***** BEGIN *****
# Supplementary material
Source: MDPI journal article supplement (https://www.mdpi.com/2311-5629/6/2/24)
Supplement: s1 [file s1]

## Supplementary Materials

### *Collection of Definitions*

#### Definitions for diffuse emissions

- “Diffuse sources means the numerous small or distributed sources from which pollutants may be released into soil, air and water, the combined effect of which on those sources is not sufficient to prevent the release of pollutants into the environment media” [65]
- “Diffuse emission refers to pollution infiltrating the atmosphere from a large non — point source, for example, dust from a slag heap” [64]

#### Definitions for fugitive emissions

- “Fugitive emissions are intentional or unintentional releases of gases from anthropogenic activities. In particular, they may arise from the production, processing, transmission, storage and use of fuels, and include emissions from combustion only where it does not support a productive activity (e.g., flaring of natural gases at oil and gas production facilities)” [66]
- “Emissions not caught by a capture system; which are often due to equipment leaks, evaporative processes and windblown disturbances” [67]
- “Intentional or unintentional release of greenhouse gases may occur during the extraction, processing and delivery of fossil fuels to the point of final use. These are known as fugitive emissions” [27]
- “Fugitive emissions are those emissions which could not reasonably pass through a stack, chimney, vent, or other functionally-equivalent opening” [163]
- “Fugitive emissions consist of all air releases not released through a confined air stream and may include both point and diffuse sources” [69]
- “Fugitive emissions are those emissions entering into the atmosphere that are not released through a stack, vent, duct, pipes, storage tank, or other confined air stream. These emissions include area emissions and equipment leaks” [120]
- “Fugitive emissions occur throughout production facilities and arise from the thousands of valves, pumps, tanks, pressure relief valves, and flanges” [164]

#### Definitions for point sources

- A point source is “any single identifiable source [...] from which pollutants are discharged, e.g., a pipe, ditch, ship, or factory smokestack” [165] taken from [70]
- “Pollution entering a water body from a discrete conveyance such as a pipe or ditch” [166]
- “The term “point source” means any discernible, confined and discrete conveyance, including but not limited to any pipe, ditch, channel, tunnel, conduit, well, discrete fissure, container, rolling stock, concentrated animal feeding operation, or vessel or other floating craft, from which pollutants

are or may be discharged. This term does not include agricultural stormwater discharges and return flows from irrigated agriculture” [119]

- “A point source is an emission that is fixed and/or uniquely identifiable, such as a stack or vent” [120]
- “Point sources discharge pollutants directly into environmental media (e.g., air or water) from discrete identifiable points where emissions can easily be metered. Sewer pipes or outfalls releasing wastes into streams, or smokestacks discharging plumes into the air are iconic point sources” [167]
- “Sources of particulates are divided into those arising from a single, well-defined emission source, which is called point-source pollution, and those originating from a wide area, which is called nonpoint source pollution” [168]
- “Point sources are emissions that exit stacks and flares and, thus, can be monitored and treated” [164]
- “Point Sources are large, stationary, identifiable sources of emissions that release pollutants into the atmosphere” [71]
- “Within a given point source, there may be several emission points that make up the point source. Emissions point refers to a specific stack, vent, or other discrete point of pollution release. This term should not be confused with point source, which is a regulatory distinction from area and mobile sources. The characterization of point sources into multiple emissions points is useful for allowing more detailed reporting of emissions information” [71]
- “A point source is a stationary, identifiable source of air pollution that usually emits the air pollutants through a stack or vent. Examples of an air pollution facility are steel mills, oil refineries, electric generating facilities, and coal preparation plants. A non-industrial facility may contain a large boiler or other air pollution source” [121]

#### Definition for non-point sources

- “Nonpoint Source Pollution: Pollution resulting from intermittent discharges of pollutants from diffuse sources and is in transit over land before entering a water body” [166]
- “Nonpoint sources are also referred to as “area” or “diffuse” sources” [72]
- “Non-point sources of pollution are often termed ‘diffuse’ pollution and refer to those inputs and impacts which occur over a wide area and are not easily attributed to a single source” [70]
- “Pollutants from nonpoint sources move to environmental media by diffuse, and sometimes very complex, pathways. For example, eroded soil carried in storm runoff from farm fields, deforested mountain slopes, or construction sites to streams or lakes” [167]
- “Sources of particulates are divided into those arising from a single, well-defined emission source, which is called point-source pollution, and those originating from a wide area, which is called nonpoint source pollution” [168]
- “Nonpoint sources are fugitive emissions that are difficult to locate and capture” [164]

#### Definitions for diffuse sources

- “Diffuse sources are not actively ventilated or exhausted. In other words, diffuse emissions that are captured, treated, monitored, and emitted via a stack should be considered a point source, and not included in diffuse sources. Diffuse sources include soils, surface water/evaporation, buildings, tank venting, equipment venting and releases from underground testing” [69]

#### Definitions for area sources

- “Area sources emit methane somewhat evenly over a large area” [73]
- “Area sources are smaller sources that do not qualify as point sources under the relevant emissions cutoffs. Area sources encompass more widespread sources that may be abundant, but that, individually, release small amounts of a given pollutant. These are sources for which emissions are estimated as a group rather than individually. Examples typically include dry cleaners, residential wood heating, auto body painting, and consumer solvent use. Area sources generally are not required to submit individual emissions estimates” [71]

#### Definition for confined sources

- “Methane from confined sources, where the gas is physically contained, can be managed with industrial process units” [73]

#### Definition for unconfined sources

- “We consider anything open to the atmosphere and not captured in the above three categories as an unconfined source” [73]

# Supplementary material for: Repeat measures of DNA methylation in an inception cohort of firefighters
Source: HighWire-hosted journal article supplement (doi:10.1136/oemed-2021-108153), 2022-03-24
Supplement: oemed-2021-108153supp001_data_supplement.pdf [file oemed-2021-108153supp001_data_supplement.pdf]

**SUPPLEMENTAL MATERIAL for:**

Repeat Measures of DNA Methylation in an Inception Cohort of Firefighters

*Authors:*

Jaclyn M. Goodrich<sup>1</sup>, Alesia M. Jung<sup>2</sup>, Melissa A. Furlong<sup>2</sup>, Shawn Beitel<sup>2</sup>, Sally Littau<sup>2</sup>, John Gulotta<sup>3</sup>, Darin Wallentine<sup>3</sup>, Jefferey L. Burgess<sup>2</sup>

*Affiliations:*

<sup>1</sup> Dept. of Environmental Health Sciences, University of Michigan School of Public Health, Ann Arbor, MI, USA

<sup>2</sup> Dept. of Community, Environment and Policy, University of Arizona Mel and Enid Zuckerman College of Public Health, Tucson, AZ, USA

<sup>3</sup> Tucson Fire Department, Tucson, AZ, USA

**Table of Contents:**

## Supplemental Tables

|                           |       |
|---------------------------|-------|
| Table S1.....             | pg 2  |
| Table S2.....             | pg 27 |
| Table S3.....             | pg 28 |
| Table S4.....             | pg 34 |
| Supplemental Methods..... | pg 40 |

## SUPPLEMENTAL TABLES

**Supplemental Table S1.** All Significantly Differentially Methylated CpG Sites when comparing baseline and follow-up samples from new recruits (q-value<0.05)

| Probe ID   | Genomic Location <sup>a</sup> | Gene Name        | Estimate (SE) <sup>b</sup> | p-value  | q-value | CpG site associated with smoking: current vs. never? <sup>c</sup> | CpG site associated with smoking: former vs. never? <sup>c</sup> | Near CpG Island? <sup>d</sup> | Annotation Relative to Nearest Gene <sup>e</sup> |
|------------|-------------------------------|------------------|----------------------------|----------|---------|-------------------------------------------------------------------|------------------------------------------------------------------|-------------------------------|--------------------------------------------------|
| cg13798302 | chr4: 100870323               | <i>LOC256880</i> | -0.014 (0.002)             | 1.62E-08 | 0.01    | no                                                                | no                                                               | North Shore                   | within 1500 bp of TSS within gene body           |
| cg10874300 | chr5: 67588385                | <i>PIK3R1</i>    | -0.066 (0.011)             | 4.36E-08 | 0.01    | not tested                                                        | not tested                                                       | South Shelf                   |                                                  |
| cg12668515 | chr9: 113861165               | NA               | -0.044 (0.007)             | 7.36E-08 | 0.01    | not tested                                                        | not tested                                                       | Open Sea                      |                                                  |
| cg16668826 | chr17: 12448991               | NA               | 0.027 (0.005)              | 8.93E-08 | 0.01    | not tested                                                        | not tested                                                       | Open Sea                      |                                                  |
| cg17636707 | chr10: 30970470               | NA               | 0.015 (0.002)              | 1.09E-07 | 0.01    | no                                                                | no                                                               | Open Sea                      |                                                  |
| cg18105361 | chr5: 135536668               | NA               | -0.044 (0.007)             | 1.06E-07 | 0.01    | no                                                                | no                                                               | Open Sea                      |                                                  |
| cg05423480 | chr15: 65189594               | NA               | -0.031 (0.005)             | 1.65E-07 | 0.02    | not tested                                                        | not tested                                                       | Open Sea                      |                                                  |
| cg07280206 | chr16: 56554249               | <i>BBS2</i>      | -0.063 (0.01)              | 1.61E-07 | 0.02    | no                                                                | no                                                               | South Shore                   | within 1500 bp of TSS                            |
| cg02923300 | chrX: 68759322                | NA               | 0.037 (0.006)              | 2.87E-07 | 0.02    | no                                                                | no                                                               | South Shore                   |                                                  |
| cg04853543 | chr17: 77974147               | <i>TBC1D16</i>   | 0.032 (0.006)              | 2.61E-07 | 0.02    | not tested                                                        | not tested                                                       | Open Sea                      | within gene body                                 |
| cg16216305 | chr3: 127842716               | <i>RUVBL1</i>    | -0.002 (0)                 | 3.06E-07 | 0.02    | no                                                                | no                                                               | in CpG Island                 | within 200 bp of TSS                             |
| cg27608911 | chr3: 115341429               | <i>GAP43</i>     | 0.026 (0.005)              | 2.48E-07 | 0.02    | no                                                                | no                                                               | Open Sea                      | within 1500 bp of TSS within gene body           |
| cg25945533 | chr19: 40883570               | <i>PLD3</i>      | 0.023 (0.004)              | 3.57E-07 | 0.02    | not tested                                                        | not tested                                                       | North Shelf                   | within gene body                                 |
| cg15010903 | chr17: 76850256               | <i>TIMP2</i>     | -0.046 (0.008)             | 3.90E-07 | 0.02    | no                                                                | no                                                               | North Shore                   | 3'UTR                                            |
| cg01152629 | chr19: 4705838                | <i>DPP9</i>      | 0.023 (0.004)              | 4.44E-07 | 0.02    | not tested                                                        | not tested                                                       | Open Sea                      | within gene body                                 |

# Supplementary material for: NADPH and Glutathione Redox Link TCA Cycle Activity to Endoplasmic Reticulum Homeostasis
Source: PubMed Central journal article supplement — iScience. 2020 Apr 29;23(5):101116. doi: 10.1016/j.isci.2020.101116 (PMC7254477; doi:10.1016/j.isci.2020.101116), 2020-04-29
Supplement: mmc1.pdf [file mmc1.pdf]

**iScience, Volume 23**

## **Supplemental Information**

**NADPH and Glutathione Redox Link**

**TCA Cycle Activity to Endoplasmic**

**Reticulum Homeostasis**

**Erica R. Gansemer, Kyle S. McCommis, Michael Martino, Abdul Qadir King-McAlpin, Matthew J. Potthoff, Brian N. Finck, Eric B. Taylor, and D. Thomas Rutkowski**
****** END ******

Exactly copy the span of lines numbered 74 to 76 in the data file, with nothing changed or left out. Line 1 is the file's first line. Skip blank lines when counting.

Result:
| cg18105361 | chr5: 135536668               | NA               | -0.044 (0.007)             | 1.06E-07 | 0.01    | no                                                                | no                                                               | Open Sea                      |                                                  |
| cg05423480 | chr15: 65189594               | NA               | -0.031 (0.005)             | 1.65E-07 | 0.02    | not tested                                                        | not tested                                                       | Open Sea                      |                                                  |
| cg07280206 | chr16: 56554249               | <i>BBS2</i>      | -0.063 (0.01)              | 1.61E-07 | 0.02    | no                                                                | no                                                               | South Shore                   | within 1500 bp of TSS                            |